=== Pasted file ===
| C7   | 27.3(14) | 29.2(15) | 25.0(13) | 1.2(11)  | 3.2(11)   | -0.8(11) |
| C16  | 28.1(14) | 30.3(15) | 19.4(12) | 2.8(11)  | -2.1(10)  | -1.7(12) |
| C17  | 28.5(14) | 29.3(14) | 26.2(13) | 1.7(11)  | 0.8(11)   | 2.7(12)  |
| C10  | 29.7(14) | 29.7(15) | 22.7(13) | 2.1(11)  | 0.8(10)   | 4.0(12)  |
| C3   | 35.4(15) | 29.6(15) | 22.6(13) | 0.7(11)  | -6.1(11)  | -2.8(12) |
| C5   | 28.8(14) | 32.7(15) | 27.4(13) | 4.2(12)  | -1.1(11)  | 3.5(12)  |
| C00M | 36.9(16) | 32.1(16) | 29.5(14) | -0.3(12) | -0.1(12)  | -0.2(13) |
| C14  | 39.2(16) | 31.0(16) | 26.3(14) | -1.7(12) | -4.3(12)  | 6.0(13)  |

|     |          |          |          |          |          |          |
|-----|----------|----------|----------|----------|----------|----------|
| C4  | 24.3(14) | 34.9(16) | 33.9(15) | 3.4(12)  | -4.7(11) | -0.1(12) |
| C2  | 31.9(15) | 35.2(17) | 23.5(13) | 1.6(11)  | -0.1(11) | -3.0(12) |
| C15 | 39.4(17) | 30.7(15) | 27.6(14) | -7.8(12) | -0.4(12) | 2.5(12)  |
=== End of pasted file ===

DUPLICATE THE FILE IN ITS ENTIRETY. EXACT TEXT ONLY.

| C7   | 27.3(14) | 29.2(15) | 25.0(13) | 1.2(11)  | 3.2(11)   | -0.8(11) |
| C16  | 28.1(14) | 30.3(15) | 19.4(12) | 2.8(11)  | -2.1(10)  | -1.7(12) |
| C17  | 28.5(14) | 29.3(14) | 26.2(13) | 1.7(11)  | 0.8(11)   | 2.7(12)  |
| C10  | 29.7(14) | 29.7(15) | 22.7(13) | 2.1(11)  | 0.8(10)   | 4.0(12)  |
| C3   | 35.4(15) | 29.6(15) | 22.6(13) | 0.7(11)  | -6.1(11)  | -2.8(12) |
| C5   | 28.8(14) | 32.7(15) | 27.4(13) | 4.2(12)  | -1.1(11)  | 3.5(12)  |
| C00M | 36.9(16) | 32.1(16) | 29.5(14) | -0.3(12) | -0.1(12)  | -0.2(13) |
| C14  | 39.2(16) | 31.0(16) | 26.3(14) | -1.7(12) | -4.3(12)  | 6.0(13)  |

|     |          |          |          |          |          |          |
|-----|----------|----------|----------|----------|----------|----------|
| C4  | 24.3(14) | 34.9(16) | 33.9(15) | 3.4(12)  | -4.7(11) | -0.1(12) |
| C2  | 31.9(15) | 35.2(17) | 23.5(13) | 1.6(11)  | -0.1(11) | -3.0(12) |
| C15 | 39.4(17) | 30.7(15) | 27.6(14) | -7.8(12) | -0.4(12) | 2.5(12)  |